By Brady Cremeens
The debate over what to do about Obamacare is roiling the conservative ranks in a way not seen since the 2012 presidential primaries. The goal then was obvious — defeat Obama — but how to arrive there was not an easy point of agreement.
Then, as now, differences of opinion regarding strategy and details dominated those dealing with policy. No conservative likes the Obamacare law, but how to minimize its damage and/or guarantee its repeal is a dilemma of weighty contention.
The strategy to “de-fund” the law by trading horses in the appropriations process (i.e., a continuing resolution) suffers from at least two major problems. First and most obvious, even in the incredibly unlikely event that it works, it will not actually thwart the law. This is an important and often neglected point. Second, because it won’t work (with the Executive and Senate firmly opposed), it will result in a government shutdown that will have to go on for several weeks or months before any Democrat feels even the slightest pressure to go along. Democrats would then play the same GOP obstructionism card that carried them through the 2012 election — and they wouldn’t be wrong. Conservatives have yet to prove we can win a messaging war even in optimal circumstances. We’d need to dominate this one, and these are not optimal circumstances.
So “defunding” doesn’t repeal, and in the process it will likely cost conservatives the support of a public which may be ready to lean their way over Obamacare. That’s a lose-lose.
It should be noted that Democrats are not blind to the havoc their health care boondoggle is wreaking. Obama delayed the employer mandate for a reason, and it wasn’t because businesses “weren’t ready.”
Fighting for implementation delay allows Democrats a free pass in election cycles Republicans absolutely must win. It’s naive and politically hazardous to believe we can defund Obamacare without a government shutdown, and without facing electoral repercussions because of it. But it’s also true that the so-named Patient Protection and Affordable Care Act has never been popular with the American public and this sentiment is increasing as employers and employees alike are realizing the economic and personal consequences.
What neither the defund nor delay strategies would accomplish is actually halting Obamacare. No amount of posturing can alter the fact that Democrats have the presidency for three more years and the senate for at least one more. The President’s “Legacy Legislation” is not reversible until that changes.
The only plausible way to avert Obamacare’s economic carnage — to the extent that it can be averted — is for Republicans to sweep the next two election cycles. Only that will provide the opportunity to repeal the law and reduce government intervention in the health care and insurance industries in favor of free market policies.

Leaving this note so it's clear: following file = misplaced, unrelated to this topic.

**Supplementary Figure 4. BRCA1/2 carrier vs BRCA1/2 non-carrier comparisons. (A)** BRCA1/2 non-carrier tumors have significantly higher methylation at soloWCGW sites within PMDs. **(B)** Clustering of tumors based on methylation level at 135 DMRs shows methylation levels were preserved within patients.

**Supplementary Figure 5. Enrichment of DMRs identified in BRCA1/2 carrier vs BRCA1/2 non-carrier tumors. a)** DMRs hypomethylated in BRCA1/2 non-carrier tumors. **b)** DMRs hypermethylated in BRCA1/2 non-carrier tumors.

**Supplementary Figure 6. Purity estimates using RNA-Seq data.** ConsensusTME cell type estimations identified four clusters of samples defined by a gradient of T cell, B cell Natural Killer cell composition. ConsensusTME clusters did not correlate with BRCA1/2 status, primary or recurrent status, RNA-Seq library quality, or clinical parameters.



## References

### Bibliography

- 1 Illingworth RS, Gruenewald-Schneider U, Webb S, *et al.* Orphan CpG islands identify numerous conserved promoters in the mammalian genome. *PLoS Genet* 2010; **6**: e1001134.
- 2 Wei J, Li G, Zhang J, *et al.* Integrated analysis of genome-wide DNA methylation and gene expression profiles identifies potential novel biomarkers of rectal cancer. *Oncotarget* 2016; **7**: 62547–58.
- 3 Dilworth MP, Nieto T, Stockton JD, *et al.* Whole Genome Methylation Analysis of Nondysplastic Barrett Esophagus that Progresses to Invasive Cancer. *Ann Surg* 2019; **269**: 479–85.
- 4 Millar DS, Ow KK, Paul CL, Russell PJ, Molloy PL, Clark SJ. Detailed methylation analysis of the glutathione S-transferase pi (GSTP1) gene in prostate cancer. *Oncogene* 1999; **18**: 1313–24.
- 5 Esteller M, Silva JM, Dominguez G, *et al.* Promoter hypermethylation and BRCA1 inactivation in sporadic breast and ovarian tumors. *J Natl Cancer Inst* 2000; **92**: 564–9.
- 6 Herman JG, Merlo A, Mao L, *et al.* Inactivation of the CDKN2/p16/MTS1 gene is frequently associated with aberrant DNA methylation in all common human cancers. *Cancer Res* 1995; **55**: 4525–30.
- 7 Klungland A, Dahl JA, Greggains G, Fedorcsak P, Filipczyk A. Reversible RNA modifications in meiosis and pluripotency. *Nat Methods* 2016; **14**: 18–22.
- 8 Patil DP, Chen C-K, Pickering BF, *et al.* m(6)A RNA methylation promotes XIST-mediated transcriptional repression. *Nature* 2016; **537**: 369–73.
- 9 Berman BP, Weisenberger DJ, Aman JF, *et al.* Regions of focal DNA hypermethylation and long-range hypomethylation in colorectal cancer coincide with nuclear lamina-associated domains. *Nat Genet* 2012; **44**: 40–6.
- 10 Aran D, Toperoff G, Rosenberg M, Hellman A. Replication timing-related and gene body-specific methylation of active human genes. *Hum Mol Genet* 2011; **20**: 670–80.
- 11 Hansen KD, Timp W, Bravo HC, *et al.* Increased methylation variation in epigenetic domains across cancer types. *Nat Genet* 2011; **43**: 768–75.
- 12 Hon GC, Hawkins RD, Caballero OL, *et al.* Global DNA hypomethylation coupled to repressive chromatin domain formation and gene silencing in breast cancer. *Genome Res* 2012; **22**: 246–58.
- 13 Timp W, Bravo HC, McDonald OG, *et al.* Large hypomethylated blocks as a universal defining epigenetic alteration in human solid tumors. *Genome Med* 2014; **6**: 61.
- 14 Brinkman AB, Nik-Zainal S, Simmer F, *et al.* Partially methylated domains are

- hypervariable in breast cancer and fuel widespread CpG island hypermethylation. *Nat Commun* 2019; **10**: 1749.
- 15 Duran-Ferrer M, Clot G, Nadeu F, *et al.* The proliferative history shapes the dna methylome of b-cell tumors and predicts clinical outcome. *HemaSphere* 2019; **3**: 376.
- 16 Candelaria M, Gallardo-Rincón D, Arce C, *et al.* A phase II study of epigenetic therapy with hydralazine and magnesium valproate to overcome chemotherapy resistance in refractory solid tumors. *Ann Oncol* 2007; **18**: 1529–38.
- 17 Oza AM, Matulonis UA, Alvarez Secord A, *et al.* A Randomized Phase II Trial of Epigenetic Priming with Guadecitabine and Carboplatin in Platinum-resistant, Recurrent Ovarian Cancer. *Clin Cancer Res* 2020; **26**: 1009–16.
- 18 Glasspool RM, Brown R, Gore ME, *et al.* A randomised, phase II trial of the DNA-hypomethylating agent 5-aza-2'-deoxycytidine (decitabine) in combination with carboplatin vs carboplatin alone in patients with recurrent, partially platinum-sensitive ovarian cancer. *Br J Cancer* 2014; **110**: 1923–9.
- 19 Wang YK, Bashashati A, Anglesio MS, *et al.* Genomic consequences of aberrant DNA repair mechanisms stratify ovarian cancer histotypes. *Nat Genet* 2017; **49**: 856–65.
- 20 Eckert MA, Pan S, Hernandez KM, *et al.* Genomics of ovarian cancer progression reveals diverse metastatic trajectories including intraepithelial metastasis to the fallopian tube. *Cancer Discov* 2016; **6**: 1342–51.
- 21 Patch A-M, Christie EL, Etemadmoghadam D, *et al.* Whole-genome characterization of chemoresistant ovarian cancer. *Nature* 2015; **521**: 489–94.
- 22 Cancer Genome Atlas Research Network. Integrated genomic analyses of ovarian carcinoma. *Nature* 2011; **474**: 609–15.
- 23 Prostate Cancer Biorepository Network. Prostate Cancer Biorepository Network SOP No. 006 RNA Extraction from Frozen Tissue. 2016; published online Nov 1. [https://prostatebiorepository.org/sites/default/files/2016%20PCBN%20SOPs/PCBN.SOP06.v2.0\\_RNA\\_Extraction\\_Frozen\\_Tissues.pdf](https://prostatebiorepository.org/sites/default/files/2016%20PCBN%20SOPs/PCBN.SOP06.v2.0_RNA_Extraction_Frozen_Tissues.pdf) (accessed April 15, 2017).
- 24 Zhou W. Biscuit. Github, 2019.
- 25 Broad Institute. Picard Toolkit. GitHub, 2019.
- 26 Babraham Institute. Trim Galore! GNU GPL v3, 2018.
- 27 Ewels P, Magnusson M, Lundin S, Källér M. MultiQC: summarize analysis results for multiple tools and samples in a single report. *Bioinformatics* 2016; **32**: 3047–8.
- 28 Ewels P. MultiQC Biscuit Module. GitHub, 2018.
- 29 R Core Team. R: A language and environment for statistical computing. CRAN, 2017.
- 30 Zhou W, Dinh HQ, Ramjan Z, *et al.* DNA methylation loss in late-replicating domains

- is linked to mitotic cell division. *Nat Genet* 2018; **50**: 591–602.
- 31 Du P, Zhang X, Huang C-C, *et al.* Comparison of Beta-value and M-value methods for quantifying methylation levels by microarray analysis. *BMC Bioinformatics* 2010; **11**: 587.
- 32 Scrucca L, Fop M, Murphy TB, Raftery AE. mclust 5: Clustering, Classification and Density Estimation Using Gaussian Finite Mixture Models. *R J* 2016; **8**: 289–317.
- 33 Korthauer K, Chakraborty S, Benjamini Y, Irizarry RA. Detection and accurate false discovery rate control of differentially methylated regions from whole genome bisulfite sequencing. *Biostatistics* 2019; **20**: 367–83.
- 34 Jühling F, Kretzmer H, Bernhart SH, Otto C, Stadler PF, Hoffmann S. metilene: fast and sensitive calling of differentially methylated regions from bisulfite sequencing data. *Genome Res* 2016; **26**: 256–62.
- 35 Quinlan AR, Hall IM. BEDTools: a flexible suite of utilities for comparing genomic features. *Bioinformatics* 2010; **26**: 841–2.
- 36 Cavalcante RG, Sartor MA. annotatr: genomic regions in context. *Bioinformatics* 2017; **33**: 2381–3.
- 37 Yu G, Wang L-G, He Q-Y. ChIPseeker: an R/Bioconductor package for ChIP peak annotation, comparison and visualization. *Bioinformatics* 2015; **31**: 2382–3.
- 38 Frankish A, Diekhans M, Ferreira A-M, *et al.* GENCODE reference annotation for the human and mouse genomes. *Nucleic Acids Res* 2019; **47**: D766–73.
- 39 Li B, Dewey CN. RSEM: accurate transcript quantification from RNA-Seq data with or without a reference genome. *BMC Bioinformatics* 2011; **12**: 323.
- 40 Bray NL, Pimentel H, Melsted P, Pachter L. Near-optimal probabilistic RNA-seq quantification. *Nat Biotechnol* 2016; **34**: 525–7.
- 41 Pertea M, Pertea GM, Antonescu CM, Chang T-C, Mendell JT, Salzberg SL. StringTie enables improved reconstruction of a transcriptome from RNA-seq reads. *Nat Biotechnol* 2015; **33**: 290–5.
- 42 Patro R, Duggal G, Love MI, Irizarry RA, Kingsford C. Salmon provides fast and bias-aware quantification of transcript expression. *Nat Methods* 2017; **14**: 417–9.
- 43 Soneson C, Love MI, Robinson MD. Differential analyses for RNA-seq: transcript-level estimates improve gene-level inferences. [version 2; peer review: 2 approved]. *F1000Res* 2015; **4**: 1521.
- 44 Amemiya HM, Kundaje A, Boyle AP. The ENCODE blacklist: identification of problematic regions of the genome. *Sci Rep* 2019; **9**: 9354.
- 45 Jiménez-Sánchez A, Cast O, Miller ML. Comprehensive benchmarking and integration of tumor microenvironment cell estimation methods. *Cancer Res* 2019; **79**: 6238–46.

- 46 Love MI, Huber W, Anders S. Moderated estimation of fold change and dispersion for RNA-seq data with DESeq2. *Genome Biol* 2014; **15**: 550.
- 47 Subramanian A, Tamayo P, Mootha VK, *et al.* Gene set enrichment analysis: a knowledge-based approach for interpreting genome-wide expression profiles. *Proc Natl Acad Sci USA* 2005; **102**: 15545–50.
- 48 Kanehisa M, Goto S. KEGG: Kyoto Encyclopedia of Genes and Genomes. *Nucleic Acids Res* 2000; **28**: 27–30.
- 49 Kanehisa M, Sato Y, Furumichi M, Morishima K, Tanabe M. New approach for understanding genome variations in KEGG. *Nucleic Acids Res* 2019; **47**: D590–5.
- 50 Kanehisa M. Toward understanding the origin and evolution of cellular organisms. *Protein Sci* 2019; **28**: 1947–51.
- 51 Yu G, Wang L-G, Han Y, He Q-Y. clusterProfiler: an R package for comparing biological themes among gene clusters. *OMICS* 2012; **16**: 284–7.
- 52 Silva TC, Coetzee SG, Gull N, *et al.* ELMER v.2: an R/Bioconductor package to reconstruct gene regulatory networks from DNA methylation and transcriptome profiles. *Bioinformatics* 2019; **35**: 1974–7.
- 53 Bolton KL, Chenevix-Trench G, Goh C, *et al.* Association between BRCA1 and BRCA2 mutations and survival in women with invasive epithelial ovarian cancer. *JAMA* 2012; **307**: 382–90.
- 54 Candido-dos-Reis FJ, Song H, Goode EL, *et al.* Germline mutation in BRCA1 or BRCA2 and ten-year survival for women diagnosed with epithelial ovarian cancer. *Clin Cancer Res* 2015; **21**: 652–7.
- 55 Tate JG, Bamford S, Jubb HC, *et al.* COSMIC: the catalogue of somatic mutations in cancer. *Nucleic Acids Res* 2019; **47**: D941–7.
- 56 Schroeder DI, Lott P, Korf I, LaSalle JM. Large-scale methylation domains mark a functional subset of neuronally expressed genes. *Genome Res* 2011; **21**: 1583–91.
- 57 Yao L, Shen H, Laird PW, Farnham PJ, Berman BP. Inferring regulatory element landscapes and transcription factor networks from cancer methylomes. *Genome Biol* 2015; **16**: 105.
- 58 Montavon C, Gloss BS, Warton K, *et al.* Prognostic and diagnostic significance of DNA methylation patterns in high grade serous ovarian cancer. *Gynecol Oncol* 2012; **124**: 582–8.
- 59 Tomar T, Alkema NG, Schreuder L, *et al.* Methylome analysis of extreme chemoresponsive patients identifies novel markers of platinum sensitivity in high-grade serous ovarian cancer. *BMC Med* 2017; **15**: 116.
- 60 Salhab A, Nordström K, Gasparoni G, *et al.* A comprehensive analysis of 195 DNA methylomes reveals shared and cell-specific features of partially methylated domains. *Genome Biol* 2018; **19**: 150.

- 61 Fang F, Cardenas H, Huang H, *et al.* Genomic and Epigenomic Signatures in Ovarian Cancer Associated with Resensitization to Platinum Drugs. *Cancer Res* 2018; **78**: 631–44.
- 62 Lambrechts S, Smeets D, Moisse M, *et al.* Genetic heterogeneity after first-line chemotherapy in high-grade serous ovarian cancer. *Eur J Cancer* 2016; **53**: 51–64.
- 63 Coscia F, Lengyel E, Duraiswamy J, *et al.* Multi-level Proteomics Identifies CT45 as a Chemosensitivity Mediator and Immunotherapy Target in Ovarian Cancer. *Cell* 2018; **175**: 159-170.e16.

So, then, how? What is the surest method for Republicans to secure their majority in the House and win one in the Senate in 2014, and take the White House in 2016?
Waging a noble but futile battle from a disadvantaged striking point won’t achieve this. Ignoring the long play in favor of a high-risk, low-reward short game is folly, well-intentioned or not.
On the contrary, Democrat politicians must be forced to run their campaigns defending the law they voted for and promised would be everything it is not. The Republican/conservative strategy should be to back off. Just allow the law to hit the American economy with all the might of its several thousand pages of regulations and requirements.
We should encourage full Obamacare implementation as soon as possible. The lessons of 1994 and 2010 should be clear. When given even a brief opportunity to learn from experience (in those cases, two years each), voters remember the evils of liberalism.
If conservatives truly believe this bill is as disastrous as we’ve portrayed it — and I certainly do — then let’s allow the bill to prove itself as such. Fighting for defund or delay is merely to tinker and postpone. The Democrats should have to own this one and run on it. The economic toll will be steep, but there can be no tourniquet for the wound if Democrats continue to win elections.
Of course, this blueprint has complications of its own, not the least of which is that even with potentially controlling the Executive and both chambers of the Legislative branches for several years, the longer Obamacare becomes entrenched, the tougher it will be to unravel. But tough doesn’t equal impossible, and relinquishing some economic ground now for a far superior vantage point later seems like a gainful trade.
Supporting full and on-time implementation isn’t surrendering the fight, but amending tactics. Reversing our short-term strategy will indemnify our plan for the long run and leave the nation’s health care system and economic footing better off as a result.